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|The Secret Adversary||Agatha Christie|
II Mr. Whittington's Offer
|Page 3 of 5||
"Oh!" said Tuppence thoughtfully. To herself she said: "Of course, if father heard that he would have a fit! But somehow I don't see Mr. Whittington in the role of the gay deceiver."
"Yes," continued Whittington. "What could be more delightful? To put the clock back a few years--a very few, I am sure--and re-enter one of those charming pensionnats de jeunes filles with which Paris abounds----"
Tuppence interrupted him.
"Exactly. Madame Colombier's in the Avenue de Neuilly."
Tuppence knew the name well. Nothing could have been more select. She had had several American friends there. She was more than ever puzzled.
"You want me to go to Madame Colombier's? For how long?"
"That depends. Possibly three months."
"And that is all? There are no other conditions?"
"None whatever. You would, of course, go in the character of my ward, and you would hold no communication with your friends. I should have to request absolute secrecy for the time being. By the way, you are English, are you not?"
"Yet you speak with a slight American accent?"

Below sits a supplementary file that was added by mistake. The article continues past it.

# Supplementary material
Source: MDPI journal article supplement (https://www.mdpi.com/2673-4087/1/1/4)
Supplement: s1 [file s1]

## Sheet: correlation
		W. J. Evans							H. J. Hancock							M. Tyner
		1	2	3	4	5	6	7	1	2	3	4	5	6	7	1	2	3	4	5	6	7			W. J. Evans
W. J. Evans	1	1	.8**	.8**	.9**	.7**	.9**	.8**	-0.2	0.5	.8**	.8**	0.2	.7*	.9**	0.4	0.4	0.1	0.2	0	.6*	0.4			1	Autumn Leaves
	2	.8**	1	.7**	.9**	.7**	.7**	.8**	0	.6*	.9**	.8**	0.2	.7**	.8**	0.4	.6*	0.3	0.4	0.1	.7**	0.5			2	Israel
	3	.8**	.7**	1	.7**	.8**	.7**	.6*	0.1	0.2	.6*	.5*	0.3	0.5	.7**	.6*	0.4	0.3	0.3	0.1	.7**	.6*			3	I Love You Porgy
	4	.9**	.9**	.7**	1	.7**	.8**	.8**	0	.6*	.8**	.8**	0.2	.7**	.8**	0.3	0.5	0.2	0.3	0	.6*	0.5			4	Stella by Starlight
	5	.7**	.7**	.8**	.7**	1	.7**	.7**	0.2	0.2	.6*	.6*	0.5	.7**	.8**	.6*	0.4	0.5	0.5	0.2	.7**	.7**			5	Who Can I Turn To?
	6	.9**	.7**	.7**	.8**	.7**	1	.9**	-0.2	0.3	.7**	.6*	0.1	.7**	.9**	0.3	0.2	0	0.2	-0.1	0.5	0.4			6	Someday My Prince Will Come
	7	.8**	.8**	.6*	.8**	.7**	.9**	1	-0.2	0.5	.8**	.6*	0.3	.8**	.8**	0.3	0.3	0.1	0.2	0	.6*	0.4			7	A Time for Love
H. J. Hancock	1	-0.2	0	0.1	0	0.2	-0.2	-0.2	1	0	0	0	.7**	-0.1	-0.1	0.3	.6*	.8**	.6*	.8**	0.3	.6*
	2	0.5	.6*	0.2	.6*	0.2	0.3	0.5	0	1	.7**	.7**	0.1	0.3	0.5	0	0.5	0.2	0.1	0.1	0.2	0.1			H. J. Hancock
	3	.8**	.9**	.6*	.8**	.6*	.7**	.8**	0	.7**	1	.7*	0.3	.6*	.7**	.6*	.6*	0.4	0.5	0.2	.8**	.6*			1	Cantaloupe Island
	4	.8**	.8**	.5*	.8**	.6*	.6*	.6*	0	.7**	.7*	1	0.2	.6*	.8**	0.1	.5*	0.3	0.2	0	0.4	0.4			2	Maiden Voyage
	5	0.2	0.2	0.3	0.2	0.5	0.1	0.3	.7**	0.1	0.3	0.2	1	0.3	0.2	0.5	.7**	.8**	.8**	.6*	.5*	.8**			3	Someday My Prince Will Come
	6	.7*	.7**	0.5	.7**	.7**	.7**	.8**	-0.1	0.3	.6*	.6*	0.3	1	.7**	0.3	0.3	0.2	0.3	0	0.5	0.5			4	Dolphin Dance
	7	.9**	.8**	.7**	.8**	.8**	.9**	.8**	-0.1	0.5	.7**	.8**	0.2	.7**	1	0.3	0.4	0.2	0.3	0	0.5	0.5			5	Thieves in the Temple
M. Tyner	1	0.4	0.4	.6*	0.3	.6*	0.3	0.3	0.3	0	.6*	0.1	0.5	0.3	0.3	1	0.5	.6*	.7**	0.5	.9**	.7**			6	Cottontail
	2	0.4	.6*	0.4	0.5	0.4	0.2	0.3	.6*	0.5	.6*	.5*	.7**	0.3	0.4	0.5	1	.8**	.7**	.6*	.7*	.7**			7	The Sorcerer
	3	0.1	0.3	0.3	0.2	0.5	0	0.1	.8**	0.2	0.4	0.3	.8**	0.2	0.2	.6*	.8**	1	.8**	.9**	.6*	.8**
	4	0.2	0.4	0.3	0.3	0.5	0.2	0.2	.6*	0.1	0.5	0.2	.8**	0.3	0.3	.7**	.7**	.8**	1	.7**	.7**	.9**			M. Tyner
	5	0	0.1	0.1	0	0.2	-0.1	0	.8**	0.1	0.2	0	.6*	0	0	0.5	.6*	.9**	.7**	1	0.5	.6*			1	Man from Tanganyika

"My great pal in hospital was a little American girl. I dare say I picked it up from her. I can soon get out of it again."
"On the contrary, it might be simpler for you to pass as an American. Details about your past life in England might be more difficult to sustain. Yes, I think that would be decidedly better. Then----"
"One moment, Mr. Whittington! You seem to be taking my consent for granted."
Whittington looked surprised.
"Surely you are not thinking of refusing? I can assure you that Madame Colombier's is a most high-class and orthodox establishment. And the terms are most liberal."
"Exactly," said Tuppence. "That's just it. The terms are almost too liberal, Mr. Whittington. I cannot see any way in which I can be worth that amount of money to you."
"No?" said Whittington softly. "Well, I will tell you. I could doubtless obtain some one else for very much less. What I am willing to pay for is a young lady with sufficient intelligence and presence of mind to sustain her part well, and also one who will have sufficient discretion not to ask too many questions."
Tuppence smiled a little. She felt that Whittington had scored.
"There's another thing. So far there has been no mention of Mr. Beresford. Where does he come in?"
"My partner," said Tuppence with dignity. "You saw us together yesterday."
"Ah, yes. But I'm afraid we shan't require his services."
"Then it's off!" Tuppence rose. "It's both or neither. Sorry--but that's how it is. Good morning, Mr. Whittington."
"Wait a minute. Let us see if something can't be managed. Sit down again, Miss----" He paused interrogatively.
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